I doweled the holes in the body - and also glued some splinters of maple into the neck screw holes, just to tighten then up. Then I attached the neck with the single "bolt" - and aligned the neck using string between the nut and the bridge - clamping the neck in position using a clamp with soft rubber clamping surfaces.

I redrilled the holes in the body with a smaller diameter drill bit (sorry - I forget what size) - small enough such that the screws would have to be threaded through the body AND into the neck.

Then, while the neck was still clamped in position - I installed the two neck screws and tightened them down.

The results was that the shifting of the neck disappeared - even if the neck to body fit wasn't very good - because the play around the neck screws was gone. A simple fix that at least stabilized the bass.

Then, a few months later, I received another 3-bolt Jazz Bass - this time a stripped 1975. The owner wanted to convert to a 4-bolt attachment, but I convinced him to let me try to stabilize the neck with a more ambitious approach - rather than drilling a number of holes through the body and into the neck - which in my opinion would greatly reduce their "vintage" value down the road.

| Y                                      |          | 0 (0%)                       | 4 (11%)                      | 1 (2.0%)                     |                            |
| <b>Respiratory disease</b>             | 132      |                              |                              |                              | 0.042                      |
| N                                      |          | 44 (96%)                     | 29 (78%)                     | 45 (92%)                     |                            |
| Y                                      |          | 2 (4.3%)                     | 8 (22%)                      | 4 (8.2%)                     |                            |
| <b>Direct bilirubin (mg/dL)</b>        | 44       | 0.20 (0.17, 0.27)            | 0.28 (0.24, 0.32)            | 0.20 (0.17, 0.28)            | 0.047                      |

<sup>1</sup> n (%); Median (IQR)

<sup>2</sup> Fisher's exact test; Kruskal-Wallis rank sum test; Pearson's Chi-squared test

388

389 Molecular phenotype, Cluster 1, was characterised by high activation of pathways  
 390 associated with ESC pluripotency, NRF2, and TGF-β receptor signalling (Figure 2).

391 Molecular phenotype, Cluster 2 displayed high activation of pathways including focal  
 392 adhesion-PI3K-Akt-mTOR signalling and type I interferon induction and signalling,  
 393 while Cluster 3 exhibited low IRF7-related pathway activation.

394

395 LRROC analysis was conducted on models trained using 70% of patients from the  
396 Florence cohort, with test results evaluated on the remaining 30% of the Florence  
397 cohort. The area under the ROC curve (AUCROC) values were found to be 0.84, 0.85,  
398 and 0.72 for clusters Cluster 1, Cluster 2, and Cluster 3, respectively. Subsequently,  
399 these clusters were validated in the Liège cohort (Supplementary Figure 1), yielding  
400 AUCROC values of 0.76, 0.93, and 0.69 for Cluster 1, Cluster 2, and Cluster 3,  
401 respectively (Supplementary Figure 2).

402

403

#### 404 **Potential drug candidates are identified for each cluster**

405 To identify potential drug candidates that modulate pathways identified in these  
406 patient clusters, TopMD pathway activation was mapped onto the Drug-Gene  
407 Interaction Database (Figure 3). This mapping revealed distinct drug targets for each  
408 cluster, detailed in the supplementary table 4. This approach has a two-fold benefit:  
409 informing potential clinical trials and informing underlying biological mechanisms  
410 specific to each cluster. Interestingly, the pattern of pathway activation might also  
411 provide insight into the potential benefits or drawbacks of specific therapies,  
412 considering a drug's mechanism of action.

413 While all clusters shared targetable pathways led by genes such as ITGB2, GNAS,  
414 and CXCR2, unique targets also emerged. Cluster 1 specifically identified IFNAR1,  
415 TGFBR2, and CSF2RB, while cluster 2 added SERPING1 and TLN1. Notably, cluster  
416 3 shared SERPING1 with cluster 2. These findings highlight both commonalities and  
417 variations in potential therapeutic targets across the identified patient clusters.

What I proposed was to shim the sides of the neck pocket and then to fill in and re-rout the area of the pocket that butts up against the neck - as well as tighten up the two screw holes through the body.

This combined approach would then result in the neck making more contact with the body plus it would tighten up the whole connection so there would be no side to side play in the neck.

Since the body was going to be refinished anyway, any added would would be pretty well obscured by the finish.

The body had originally been Walnut - the reddish brown color that was available from around 1974 through 1979 or so. The original finish was visible in the neck pocket and the bottom of the pickup routings.

What I initially did was fit the neck onto the body - align it - and then measure the gaps on the long and short sides of the neck pocket. I then glued in in tapered shims cut from ash (which is what the body was made of.